98. Link CD, Taft A, Kapulkin V, Duke K, Kim S, Fei Q, Wood DE, Sahagan BG (2003) Gene expression analysis in a transgenic Caenorhabditis elegans Alzheimer’s disease model. Neurobiol Aging 24(3):397–413PubMedGoogle Scholar
  99. Lockery SR, Goodman MB (2009) The quest for action potentials in C. elegans neurons hits a plateau. Nat Neurosci 12(4):377–378. doi: 10.1038/nn0409-377 PubMedGoogle Scholar
  100. Luo L, Tully T, White K (1992) Human amyloid precursor protein ameliorates behavioral deficit of flies deleted for Appl gene. Neuron 9(4):595–605PubMedGoogle Scholar
  101. Luse SA, Smith KR Jr (1964) The ultrastructure of senile plaques. Am J Pathol 44(4):553–563PubMedGoogle Scholar
  102. Mann DM, Esiri MM (1989) The pattern of acquisition of plaques and tangles in the brains of patients under 50 years of age with Down’s syndrome. J Neurol Sci 89(2–3):169–179PubMedGoogle Scholar
  103. Masters CL, Simms G, Weinman NA, Multhaup G, McDonald BL, Beyreuther K (1985) Amyloid plaque core protein in Alzheimer disease and Down syndrome. Proc Natl Acad Sci USA 82(12):4245–4249PubMedGoogle Scholar
  104. McColl G, Roberts BR, Gunn AP, Perez KA, Tew DJ, Masters CL, Barnham KJ, Cherny RA, Bush AI (2009) The Caernorhabditis elegans Abeta1-42 model of Alzheimer’s disease predominantly expresses Abeta3-42. J Biol Chem. doi: 10.1074/jbc.C109.028514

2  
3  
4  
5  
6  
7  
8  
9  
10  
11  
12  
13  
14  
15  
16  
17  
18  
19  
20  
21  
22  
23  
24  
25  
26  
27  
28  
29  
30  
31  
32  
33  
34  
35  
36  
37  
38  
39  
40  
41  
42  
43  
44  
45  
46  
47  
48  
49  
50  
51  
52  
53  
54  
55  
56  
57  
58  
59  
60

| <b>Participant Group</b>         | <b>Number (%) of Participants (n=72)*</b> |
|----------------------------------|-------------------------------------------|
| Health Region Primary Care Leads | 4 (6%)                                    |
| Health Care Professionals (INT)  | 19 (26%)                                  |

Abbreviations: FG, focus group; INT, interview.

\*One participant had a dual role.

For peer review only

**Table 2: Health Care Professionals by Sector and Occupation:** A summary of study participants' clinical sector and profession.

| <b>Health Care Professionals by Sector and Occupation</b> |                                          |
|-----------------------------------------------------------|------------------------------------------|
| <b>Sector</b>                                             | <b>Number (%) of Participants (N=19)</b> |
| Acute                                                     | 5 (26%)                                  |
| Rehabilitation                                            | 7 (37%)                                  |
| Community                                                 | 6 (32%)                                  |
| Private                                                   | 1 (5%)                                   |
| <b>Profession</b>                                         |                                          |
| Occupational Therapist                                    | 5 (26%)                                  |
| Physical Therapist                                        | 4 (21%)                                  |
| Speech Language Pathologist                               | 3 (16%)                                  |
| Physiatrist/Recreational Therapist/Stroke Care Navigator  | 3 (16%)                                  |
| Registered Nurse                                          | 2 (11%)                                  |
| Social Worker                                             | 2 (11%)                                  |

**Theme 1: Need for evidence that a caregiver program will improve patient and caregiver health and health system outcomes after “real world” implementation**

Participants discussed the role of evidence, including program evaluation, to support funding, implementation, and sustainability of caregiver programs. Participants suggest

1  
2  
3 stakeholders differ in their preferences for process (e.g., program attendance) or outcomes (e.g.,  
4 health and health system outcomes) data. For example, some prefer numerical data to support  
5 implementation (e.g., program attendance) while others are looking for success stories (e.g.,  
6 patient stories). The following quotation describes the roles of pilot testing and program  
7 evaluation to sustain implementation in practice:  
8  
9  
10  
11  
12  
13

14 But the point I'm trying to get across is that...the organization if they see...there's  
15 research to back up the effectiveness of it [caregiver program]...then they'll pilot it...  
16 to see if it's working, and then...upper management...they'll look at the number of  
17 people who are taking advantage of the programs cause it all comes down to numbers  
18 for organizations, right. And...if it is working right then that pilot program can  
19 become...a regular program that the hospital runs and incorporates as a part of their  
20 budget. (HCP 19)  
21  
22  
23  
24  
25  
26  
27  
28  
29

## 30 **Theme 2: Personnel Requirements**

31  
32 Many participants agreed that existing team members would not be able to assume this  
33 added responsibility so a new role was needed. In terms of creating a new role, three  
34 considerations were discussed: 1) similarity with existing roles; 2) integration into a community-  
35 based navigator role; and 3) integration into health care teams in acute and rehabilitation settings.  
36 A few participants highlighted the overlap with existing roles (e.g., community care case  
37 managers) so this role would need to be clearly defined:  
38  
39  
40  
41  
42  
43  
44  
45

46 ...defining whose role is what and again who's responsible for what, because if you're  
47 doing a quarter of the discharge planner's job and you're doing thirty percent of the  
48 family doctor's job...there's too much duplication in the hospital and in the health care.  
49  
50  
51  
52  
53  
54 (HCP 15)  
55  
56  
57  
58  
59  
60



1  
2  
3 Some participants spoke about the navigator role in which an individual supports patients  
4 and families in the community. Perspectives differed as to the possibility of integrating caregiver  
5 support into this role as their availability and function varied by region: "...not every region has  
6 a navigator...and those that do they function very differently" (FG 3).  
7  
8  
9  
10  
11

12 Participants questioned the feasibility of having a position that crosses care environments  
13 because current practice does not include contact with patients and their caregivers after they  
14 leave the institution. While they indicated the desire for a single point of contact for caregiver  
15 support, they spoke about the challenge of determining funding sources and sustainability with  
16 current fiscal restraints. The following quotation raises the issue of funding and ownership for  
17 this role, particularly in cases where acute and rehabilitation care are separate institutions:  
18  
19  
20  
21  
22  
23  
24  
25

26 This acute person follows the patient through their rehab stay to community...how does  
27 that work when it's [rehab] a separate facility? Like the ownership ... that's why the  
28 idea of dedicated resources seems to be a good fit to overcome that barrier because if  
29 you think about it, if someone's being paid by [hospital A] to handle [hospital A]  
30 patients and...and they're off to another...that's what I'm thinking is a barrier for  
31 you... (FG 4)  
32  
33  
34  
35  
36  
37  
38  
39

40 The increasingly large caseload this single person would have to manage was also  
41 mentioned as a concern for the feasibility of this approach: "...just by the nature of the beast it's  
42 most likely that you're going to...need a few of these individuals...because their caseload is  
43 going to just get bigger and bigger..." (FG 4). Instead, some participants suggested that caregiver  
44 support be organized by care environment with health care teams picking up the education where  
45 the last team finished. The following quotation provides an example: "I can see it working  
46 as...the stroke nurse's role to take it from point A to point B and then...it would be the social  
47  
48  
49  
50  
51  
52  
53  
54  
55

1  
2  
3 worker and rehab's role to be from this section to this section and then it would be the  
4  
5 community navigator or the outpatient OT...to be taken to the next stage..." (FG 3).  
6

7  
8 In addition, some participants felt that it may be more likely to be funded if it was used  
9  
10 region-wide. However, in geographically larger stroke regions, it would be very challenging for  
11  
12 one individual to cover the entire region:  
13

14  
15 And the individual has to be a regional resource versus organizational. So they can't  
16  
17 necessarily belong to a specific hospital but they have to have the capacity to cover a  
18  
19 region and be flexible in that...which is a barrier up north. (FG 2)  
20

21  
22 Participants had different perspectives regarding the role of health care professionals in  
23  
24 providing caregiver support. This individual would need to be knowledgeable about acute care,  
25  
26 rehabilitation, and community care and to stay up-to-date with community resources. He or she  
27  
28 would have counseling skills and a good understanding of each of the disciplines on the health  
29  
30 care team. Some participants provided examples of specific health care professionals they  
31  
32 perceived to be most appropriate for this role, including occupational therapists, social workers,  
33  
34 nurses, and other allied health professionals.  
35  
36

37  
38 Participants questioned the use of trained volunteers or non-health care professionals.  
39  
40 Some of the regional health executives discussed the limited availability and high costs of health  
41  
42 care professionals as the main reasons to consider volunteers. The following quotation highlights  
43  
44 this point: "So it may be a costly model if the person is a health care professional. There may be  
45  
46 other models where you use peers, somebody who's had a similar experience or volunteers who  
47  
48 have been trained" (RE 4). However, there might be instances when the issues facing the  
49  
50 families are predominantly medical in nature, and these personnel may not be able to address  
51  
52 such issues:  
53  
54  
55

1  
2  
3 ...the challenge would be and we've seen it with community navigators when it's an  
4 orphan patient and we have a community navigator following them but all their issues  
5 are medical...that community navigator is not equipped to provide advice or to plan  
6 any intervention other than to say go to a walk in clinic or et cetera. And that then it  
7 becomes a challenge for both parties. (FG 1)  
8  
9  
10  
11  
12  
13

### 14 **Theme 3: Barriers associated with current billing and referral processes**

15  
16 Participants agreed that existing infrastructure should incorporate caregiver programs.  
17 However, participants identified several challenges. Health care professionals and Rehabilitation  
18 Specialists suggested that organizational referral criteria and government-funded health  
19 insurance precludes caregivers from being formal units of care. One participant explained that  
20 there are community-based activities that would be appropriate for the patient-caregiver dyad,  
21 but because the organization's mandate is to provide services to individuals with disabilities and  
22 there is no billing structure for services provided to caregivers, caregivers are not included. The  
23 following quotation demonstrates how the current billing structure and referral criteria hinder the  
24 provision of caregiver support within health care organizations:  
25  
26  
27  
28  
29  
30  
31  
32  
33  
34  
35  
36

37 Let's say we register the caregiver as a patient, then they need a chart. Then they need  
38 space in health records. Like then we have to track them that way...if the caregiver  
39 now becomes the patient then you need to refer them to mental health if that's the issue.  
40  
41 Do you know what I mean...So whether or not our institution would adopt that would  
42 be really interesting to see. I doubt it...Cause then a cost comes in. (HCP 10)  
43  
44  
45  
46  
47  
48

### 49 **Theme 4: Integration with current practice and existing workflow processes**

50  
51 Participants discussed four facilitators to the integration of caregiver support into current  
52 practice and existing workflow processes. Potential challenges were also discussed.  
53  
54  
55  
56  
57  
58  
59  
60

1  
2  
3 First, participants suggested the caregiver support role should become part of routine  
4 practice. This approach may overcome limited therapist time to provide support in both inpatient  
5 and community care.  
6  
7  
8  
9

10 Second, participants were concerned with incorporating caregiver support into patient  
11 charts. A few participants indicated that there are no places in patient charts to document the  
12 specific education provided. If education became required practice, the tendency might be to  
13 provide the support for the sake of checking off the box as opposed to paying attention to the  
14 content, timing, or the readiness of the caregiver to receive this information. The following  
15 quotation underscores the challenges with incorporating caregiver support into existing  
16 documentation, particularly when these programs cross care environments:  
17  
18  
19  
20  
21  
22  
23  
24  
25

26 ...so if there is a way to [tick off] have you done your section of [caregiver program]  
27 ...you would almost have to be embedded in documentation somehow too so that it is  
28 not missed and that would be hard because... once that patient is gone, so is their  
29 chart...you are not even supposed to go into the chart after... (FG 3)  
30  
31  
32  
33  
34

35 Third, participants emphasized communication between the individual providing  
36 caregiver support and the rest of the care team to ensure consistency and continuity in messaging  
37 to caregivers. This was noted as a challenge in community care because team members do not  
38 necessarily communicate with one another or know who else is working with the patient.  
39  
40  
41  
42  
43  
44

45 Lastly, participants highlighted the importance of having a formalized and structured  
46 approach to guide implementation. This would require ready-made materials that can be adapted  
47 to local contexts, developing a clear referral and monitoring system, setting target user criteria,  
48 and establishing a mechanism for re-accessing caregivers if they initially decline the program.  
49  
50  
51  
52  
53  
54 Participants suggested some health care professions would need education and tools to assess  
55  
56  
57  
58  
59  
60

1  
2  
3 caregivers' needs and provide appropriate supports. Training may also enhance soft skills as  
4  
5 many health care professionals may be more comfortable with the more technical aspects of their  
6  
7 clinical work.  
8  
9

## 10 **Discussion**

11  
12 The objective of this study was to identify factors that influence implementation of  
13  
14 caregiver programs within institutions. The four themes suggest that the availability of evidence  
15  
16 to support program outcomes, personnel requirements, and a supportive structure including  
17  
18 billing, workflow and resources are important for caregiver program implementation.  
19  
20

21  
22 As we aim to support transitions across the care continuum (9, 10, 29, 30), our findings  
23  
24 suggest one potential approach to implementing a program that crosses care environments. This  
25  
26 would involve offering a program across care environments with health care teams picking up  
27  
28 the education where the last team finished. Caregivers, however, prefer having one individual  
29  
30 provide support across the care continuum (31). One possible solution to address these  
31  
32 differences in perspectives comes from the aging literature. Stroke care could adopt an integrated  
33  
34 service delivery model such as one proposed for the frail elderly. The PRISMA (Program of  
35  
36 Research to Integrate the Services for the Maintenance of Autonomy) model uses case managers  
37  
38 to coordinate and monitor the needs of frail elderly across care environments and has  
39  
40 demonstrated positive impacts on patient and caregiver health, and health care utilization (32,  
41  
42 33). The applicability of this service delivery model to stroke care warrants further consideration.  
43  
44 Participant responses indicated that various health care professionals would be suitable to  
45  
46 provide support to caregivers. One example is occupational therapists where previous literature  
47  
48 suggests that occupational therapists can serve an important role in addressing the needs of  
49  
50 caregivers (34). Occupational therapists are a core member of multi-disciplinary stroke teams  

105. McElwee J, Bubb K, Thomas JH (2003) Transcriptional outputs of the Caenorhabditis elegans forkhead protein DAF-16. Aging Cell 2(2):111–121PubMedGoogle Scholar
  106. McIntire SL, Jorgensen E, Kaplan J, Horvitz HR (1993) The GABAergic nervous system of Caenorhabditis elegans. Nature 364(6435):337–341. doi: 10.1038/364337a0 PubMedGoogle Scholar
  107. Meléndez A, Tallóczy Z, Seaman M, Eskelinen EL, Hall DH, Levine B (2003) Autophagy genes are essential for dauer development and life-span extension in C. elegans. Science 301(5638):1387–1391PubMedGoogle Scholar
  108. Mello C, Fire A (1995) DNA transformation. Methods Cell Biol 48:451–482PubMedGoogle Scholar
  109. Mello CC, Kramer JM, Stinchcomb D, Ambros V (1991) Efficient gene transfer in C. elegans: extrachromosomal maintenance and integration of transforming sequences. EMBO J 10(12):3959–3970PubMedGoogle Scholar
  110. Mucke L, Masliah E, Johnson WB, Ruppe MD, Alford M, Rockenstein EM, Forss-Petter S, Pietropaolo M, Mallory M, Abraham CR (1994) Synaptotrophic effects of human amyloid beta protein precursors in the cortex of transgenic mice. Brain Res 666(2):151–167. doi: 0006-8993(94)90767-6 PubMedGoogle Scholar
  111. Muller U, Cristina N, Li ZW, Wolfer DP, Lipp HP, Rulicke T, Brandner S, Aguzzi A, Weissmann C (1994) Behavioral and anatomical deficits in mice homozygous for a modified beta-amyloid precursor protein gene. Cell 79(5):755–765. doi: 0092-8674(94)90066-3 PubMedGoogle Scholar
  112. Murphy CT, McCarroll SA, Bargmann CI, Fraser A, Kamath RS, Ahringer J, Li H, Kenyon C (2003) Genes that act downstream of DAF-16 to influence the lifespan of Caenorhabditis elegans. Nature 424(6946):277–283PubMedGoogle Scholar